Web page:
U.S. civilians                Foreign civilians                 Total
                                     -------------------------       ------------------------       --------------------
Region of acquisition                  No.                 (%)         No.              (%)           No.         (%)
-----------------------------------------------------------------------------------------------------------------------------
Africa                                 287              (48.6)         177            (38.7)          464      ( 44.3)
Asia, Unknown                            5              ( 0.8)           1            ( 0.2)            6      (  0.6)
Central America and Caribbean          116              (19.6)          77            (16.8)          193      ( 18.4)
China                                    2              ( 0.3)           0             ( 0 )            2      (  0.2)
Middle East                              2              ( 0.3)           4            ( 0.9)            6      (  0.6)
Oceania                                 24              ( 4.1)           2            ( 0.4)           26      (  2.5)
South East Asia                         25              ( 4.2)           7            ( 1.5)           32      (  3.1)
South America                           18              ( 3.0)          10            ( 2.2)           28      (  2.7)
Indian subcontinent                     95              (16.1)         174            (38.1)          269      ( 25.7)
Unknown+                                17              ( 2.9)           5            ( 1.1)           22      (  2.1)

Total                                  591              (99.9)         457            (99.9)        1,048      (100.2)
-----------------------------------------------------------------------------------------------------------------------------
* Country unknown.
+ Region of acquisition unknown.
=============================================================================================================================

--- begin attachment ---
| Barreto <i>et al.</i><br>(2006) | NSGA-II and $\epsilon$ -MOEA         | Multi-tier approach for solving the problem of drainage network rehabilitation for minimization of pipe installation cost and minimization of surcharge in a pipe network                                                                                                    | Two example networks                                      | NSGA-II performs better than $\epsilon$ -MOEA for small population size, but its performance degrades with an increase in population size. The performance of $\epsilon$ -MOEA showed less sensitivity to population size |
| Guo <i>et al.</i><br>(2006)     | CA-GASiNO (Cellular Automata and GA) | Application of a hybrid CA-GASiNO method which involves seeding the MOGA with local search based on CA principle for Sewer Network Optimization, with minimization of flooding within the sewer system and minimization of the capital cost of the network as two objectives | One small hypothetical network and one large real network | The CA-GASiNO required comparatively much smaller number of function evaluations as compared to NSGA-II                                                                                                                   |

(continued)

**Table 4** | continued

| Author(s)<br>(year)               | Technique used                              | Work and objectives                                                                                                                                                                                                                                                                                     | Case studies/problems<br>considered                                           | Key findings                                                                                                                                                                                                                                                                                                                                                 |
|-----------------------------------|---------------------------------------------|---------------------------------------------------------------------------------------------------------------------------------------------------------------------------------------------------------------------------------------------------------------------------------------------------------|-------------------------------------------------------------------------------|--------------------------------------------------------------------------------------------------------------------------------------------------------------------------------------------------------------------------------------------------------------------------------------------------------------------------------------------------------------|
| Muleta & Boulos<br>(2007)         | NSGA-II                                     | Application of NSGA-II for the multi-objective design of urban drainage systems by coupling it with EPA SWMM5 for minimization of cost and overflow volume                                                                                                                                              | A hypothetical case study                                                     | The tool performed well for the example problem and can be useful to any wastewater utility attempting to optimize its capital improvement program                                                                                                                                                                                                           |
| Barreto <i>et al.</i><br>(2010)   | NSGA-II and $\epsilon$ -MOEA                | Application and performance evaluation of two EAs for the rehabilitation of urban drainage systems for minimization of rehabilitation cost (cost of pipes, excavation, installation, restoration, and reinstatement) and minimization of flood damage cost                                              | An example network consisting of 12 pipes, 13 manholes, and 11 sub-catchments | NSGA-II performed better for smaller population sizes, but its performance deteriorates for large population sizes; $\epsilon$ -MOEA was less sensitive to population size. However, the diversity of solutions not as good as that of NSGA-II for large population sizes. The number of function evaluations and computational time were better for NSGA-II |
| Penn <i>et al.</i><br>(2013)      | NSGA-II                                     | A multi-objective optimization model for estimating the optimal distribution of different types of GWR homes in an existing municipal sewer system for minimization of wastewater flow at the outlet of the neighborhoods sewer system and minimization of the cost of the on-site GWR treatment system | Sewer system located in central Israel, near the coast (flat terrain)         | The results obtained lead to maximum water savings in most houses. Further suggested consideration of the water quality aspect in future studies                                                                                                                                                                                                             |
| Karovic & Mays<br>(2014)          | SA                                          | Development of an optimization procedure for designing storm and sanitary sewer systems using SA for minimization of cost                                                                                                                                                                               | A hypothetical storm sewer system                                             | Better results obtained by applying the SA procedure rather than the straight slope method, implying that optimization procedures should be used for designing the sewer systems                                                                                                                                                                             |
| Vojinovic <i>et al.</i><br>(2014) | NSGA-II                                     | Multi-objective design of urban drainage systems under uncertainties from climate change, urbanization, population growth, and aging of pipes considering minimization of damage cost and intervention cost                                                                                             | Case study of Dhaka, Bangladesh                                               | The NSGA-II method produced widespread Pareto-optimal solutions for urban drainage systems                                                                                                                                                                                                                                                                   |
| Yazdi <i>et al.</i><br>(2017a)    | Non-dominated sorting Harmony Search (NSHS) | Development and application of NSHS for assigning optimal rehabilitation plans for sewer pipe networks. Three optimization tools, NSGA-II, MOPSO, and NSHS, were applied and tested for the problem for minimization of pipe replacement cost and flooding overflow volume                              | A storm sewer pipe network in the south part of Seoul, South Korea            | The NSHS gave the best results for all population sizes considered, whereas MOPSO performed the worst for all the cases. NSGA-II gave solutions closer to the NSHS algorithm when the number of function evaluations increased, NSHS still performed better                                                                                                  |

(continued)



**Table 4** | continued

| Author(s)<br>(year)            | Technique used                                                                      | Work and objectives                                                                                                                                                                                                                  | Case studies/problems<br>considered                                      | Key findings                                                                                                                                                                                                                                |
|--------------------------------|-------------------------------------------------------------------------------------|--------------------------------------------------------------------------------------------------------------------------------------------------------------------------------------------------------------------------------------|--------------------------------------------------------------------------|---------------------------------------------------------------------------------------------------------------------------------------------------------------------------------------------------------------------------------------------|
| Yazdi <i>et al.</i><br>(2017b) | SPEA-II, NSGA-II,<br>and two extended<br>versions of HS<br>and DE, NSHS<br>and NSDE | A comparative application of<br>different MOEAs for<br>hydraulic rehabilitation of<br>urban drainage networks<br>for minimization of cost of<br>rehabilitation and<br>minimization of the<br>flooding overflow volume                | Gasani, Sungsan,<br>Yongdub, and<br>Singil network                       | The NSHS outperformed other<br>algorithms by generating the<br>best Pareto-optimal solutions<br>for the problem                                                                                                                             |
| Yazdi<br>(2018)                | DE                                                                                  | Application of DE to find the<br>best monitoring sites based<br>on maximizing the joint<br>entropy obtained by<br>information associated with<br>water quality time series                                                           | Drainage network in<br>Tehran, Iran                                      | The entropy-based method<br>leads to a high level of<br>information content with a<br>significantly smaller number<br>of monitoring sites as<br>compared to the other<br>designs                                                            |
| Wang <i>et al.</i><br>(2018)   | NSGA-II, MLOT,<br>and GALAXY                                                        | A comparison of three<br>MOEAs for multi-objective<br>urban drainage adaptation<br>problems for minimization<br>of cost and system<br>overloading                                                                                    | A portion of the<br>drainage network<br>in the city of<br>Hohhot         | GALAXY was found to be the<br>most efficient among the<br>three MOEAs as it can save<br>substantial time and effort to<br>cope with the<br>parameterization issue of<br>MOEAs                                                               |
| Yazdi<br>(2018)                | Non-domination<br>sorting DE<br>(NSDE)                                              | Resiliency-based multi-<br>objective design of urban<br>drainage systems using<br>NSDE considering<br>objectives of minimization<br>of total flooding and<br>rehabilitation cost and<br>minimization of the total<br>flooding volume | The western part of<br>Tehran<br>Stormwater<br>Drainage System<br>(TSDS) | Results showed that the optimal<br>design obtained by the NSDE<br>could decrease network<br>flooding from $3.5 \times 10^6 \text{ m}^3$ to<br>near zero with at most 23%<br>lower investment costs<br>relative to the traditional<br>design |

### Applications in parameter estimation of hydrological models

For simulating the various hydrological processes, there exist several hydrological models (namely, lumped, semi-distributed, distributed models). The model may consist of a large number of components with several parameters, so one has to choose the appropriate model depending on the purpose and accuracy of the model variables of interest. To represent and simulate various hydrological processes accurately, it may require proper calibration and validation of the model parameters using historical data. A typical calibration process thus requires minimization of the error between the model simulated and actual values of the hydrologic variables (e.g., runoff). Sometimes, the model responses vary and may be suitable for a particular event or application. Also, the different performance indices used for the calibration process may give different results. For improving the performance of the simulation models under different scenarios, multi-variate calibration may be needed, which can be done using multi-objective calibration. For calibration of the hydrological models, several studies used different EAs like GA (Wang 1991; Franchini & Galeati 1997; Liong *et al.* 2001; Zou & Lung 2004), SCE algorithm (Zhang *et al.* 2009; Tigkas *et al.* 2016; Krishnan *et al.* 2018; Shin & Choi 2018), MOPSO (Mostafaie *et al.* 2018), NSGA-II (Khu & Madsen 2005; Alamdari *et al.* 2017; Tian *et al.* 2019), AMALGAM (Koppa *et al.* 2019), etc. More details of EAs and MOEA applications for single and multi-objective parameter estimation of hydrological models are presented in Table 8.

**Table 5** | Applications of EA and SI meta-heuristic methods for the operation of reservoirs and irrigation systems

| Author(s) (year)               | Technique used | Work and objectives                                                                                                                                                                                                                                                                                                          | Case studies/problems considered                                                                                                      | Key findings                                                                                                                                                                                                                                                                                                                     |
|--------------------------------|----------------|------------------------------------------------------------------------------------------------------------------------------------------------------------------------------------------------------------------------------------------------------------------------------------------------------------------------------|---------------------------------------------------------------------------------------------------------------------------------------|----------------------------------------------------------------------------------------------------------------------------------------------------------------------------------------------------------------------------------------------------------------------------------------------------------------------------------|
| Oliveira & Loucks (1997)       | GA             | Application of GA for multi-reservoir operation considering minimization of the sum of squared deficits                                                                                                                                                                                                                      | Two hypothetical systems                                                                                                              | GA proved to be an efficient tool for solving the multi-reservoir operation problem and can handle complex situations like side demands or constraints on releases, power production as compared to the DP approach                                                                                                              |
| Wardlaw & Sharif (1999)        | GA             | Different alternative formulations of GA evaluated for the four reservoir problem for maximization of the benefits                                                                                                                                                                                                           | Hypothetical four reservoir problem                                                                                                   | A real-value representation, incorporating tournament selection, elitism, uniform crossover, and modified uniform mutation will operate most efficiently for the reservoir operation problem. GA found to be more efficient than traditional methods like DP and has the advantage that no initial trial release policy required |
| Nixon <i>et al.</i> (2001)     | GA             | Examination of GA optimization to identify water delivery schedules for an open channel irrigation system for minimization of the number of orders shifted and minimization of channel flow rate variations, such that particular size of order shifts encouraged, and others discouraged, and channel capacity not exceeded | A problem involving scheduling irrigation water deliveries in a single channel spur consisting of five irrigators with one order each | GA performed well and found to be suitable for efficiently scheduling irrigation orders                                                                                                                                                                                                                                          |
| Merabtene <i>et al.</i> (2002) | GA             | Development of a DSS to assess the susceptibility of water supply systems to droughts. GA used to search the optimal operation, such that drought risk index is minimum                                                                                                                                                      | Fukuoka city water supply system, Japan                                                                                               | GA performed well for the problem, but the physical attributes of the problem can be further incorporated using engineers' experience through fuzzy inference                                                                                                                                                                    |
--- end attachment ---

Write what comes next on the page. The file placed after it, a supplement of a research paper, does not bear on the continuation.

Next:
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Table_7
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TABLE 7. Number of imported malaria cases in U.S. civilians, by purpose
of travel at the time of acquisition -- United States, 1995
==========================================================================
                                        Imported cases
                                      ---------------------
Category                               No.          (%)
--------------------------------------------------------------------------
Unknown                                284        ( 48.1)
Teacher/Student                         83        ( 14.0)
Visitor of a friend or relative         51        (  8.6)
Tourist                                 50        (  8.5)
Missionary                              48        (  8.1)
Business representative                 36        (  6.1)
Peace Corps worker                      15        (  2.5)
Government employee                     11        (  1.9)
Sailor                                   5        (  0.8)
Refugee                                  4        (  0.7)
Other                                    4        (  0.7)

Total                                  591        (100.0)
==========================================================================

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  14. N
  15. O
  16. P
  17. Q
  18. R
  19. S
  20. T
  21. U
  22. V
  23. W
  24. X
  25. Y
  26. Z
  27. #